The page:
It's reasonable then, that Alaskans might have some concerns of a possible conflict of interest. A mid-level executive for one of the big-three oil companies will now help make the rules that regulate and tax those very companies.
Peter dismisses the idea that there is a conflict and vows that his desire to serve honorably will be easy to track. He cites the 2008 ethics committee's conclusion that let then Representative Kevin Meyer, another Conoco-Phillips employee, vote on matters involving oil production. If the ethics committee OK'd Meyers, he concludes that they would do the same for him. Meyers now also serves in the senate. The ethics committee cleared Meyers to vote on matters concerning the oil industry, but did Meyers serve on committees that might advance big oil agendas?
Let's take a look at the Alaska legislature's code of ethics:
(1) high moral and ethical standards among public servants in the legislative branch of government are essential to assure the trust, respect, and confidence of the people of this state;
(2) a fair and open government requires that legislators and legislative employees conduct the public's business in a manner that preserves the integrity of the legislative process and avoids conflicts of interest or even appearances of conflicts of interest;
(3) the public's commitment to a part-time citizen legislature requires legislators be drawn from all parts of society and the best way to attract competent people is to acknowledge that they provide their time and energy to the state, often at substantial personal and financial sacrifice;
(4) a part-time citizen legislature implies that legislators are expected and permitted to earn outside income and that the rules governing legislators' conduct during and after leaving public service must be clear, fair, and as complete as possible; the rules, however, should not impose unreasonable or unnecessary burdens that will discourage citizens from entering or staying in government service;
Point 1 is a given. The rub is that what one person considers ethical, another might find immoral. It's essential to keep in mind that these ethics rules are set to assure the trust, respect, and confidence of the people of this state. I think that politicians need to understand that they have to be reasonably ethically responsible to all people in the state, not just to those who agree with their politics.
The second clause is also open to interpretation, but the closing few words, avoids conflicts of interest or even appearances of conflicts of interest, applies to Mr Micciche. Certainly, Micciche can bring some knowledge of the oil and gas industry, especially an understanding of LNG, but as a mid-level manager, there does appear to be a conflict of interest with him serving on these committees. If he pushes forward with Parnell's ACES overhaul, at least 40% of the voters are going to think he is in cahoots with his employers. The ONLY way Peter can avoid the appearance of conflict of interest is to remove himself from these committees AND to go before the ethics board to see if he should recuse himself from even voting on oil and gas issues.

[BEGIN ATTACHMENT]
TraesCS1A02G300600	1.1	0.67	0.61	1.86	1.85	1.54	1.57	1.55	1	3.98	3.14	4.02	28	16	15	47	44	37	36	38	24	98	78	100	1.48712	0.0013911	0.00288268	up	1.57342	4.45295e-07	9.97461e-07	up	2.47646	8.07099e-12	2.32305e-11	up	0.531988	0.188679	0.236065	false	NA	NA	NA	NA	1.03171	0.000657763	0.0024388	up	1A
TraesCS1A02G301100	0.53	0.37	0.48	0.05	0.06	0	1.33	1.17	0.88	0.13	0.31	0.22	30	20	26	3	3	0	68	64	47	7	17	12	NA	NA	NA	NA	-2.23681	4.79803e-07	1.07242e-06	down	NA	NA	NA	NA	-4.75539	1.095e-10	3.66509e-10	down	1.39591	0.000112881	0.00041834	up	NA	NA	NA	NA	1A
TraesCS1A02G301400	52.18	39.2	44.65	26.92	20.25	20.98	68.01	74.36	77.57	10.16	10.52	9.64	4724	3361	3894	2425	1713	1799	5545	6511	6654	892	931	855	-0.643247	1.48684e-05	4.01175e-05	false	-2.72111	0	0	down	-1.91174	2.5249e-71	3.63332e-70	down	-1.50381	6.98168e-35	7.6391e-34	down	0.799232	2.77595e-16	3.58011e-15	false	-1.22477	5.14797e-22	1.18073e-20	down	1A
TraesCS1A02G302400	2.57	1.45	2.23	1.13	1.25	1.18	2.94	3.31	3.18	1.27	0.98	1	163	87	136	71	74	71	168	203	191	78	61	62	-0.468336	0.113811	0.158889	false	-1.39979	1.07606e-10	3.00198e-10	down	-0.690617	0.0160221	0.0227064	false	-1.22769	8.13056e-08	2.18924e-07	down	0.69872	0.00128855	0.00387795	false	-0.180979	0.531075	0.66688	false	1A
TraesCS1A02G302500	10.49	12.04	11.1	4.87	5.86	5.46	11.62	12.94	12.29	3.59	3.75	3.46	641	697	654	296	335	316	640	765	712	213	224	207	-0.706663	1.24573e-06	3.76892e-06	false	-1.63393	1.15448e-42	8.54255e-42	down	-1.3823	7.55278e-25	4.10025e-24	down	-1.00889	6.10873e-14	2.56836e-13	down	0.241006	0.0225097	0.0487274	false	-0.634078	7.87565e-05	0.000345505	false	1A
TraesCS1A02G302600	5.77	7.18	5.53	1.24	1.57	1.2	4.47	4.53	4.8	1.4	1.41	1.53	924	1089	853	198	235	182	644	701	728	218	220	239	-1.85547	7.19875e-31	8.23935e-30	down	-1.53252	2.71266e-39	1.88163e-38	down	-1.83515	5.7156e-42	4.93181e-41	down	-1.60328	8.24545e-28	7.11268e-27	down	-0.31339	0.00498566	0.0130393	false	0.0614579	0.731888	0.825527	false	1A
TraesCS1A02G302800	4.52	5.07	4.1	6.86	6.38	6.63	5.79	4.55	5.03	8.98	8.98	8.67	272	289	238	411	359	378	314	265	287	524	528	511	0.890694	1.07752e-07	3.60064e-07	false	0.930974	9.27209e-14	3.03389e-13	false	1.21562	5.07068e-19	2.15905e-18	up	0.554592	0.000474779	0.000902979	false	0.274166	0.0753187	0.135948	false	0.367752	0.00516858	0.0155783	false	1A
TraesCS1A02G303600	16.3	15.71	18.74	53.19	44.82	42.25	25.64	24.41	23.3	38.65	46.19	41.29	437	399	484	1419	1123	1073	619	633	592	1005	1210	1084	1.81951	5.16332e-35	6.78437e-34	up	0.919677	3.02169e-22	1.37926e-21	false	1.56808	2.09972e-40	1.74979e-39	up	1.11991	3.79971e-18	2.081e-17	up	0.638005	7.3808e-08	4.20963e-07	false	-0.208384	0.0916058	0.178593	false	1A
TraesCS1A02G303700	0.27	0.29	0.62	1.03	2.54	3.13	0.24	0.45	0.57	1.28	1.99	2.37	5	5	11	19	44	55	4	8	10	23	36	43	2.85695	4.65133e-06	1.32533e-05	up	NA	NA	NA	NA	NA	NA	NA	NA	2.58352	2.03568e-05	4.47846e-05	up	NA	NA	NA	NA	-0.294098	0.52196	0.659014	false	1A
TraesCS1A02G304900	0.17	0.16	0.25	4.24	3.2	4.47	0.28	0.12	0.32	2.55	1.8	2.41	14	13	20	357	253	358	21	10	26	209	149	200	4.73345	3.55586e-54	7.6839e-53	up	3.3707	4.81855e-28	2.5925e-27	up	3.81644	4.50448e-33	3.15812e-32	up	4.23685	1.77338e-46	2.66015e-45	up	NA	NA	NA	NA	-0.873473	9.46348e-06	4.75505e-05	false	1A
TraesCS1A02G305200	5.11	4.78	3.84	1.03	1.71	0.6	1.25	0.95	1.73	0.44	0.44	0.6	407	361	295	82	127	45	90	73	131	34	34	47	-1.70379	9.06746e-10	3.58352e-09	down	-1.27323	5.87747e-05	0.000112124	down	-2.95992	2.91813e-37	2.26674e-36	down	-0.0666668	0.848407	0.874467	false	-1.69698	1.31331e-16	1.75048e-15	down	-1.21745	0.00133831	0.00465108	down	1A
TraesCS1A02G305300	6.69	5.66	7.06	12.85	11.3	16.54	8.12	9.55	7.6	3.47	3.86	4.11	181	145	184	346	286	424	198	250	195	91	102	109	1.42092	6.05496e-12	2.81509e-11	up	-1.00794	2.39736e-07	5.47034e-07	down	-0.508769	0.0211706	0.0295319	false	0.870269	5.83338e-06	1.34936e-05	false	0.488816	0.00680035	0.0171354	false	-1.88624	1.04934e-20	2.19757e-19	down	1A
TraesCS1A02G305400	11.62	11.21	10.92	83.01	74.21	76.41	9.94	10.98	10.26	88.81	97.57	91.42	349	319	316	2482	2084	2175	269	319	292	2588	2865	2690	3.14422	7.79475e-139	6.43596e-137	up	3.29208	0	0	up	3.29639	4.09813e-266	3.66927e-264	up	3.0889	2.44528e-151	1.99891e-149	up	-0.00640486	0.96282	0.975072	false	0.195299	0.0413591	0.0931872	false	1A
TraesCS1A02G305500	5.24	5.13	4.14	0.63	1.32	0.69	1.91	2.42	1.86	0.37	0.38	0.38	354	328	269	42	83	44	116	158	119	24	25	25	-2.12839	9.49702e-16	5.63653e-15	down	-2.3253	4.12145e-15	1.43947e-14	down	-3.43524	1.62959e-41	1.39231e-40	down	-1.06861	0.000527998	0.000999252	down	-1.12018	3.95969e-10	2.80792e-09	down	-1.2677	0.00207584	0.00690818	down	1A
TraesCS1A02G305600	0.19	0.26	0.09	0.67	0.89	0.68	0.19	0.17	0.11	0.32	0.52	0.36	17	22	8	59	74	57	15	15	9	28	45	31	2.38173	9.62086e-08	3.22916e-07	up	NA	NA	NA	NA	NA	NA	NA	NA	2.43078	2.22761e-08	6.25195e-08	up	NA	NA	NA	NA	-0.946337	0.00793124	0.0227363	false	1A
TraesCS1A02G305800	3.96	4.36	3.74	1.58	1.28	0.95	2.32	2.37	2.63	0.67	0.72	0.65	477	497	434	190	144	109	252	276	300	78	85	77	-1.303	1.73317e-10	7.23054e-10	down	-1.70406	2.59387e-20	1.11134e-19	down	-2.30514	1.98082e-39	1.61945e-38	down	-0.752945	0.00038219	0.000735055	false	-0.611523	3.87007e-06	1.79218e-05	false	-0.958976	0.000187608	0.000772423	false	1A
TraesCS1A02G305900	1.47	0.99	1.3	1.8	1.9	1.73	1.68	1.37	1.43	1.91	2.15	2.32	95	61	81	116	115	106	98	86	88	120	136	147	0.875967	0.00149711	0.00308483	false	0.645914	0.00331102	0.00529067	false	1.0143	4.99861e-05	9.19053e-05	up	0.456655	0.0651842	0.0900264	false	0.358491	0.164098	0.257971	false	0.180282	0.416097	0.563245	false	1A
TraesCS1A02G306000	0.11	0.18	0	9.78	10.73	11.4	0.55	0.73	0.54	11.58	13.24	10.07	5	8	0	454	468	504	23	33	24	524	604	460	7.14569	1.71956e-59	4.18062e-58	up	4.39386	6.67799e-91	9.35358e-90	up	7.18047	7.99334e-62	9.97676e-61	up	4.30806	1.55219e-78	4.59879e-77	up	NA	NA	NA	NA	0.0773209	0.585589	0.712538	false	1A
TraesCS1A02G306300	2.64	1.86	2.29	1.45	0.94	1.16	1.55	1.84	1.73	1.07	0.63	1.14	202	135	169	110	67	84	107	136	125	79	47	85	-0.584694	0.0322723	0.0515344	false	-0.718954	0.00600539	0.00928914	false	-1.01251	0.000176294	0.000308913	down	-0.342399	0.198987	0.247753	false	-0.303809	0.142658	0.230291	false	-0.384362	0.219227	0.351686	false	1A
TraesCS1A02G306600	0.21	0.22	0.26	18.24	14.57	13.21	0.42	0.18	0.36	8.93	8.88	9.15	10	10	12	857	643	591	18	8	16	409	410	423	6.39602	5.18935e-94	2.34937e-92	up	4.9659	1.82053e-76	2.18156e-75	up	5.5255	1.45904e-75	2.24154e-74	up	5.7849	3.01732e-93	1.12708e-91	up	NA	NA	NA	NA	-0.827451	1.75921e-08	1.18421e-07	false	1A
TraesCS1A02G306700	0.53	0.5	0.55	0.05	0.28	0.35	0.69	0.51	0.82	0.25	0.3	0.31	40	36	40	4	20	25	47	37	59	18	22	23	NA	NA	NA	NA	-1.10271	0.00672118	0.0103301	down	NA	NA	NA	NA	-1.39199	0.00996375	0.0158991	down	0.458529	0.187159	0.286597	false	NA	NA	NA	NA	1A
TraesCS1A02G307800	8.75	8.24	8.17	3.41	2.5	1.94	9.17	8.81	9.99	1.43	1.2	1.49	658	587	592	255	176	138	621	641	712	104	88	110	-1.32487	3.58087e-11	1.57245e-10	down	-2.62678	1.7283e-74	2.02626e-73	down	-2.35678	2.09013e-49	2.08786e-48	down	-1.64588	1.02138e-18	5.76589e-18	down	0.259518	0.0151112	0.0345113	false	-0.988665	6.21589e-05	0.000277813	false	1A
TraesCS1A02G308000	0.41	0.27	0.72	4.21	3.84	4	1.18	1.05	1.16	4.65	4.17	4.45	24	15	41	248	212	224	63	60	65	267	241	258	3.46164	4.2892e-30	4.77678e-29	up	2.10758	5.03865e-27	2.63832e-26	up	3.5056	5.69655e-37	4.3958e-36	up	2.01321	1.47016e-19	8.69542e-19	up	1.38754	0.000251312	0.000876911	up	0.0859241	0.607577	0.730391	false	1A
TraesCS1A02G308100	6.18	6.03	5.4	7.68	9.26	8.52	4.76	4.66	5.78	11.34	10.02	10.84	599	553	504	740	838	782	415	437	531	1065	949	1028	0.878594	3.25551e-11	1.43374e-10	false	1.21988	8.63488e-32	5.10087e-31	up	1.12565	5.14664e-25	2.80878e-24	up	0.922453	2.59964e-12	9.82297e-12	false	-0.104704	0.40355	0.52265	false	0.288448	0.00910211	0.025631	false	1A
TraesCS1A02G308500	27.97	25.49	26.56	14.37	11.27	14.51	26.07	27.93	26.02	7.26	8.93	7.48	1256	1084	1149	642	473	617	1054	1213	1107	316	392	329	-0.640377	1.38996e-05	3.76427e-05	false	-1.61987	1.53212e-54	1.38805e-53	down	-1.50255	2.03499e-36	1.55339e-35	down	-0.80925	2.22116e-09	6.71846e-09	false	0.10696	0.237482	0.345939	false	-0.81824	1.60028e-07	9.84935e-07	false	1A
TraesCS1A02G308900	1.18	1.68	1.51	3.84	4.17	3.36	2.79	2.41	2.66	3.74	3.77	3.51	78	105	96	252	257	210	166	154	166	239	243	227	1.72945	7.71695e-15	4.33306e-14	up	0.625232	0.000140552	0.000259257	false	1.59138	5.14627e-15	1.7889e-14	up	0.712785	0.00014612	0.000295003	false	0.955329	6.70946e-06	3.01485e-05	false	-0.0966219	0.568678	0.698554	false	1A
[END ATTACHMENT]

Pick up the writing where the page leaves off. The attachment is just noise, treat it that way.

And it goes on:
The third condition notes the difficulties citizen-legislatures have. It is legitimate to have oil industry employees in the house and senate. Their knowledge and insight to resource extraction is needed.
Peter dances around the fourth clause. While he has provided the minimum amount of information in his financial disclosure, to be completely above suspicion, he should release a more detailed accounting of his salary and his stock holdings. His backs off of his own pledge to serve honorably by being easy to track, by choosing to hide his complete financial ties to the oil/gas industry.
Peter has issues with how integrity and ethics apply to politicians. In the ADN article, he justifies his own committee memberships by (incorrectly) noting that Sen. Bill Wielechowski, a lawyer for the IBEW, served on the Labor and Commerce committee, but then withdraws that statement saying that he wasn't sure if Wielechowski actually was a member. Of course, the truth is that Wielechowski didn't and doesn't serve on that committee, well because in Bill's own words, "I just think it's inappropriate. It raises the appearance of impropriety. I work for the labor union. Sitting on the labor committee, it just didn't feel right to me." But in his own mind, sitting on committees that will govern the hand that feeds him seems OK to Micciche. He thinks that can justify his own ethics, we all should, well, trust him. Who needs stinking ethics rules saying that there shouldn't be appearances of a conflict of interest? It's not as if Alaskan legislatures have been found guilty of corruption any time recently, right?
That concept is lost on Peter. In his own mind, he can separate his professional life from his legislative life, but justifying ones own honor is not what the code of ethics is all about.
On his Facebook site, Peter slams the previous senate's bi-partisan makeup, which had a republican as the president and a fair mix of people from both parties on committees. He touts the current senate majority's makeup as truly being bi-partisan. Well, there are only two Dems that joined that coalition, and Dems, who account for about 40% of the voters in Alaska, have been shut out as players. Micciche likes to make up his own reality about what constitutes a balance of power. As long as you agree with Peter, you are fair and balanced.
If you're curious about how Peter and ethics sometime diverged when he was mayor of Soldotna, you can follow some links listed below.
Attempted Hutchings Building/Chamber of Commerce purchase: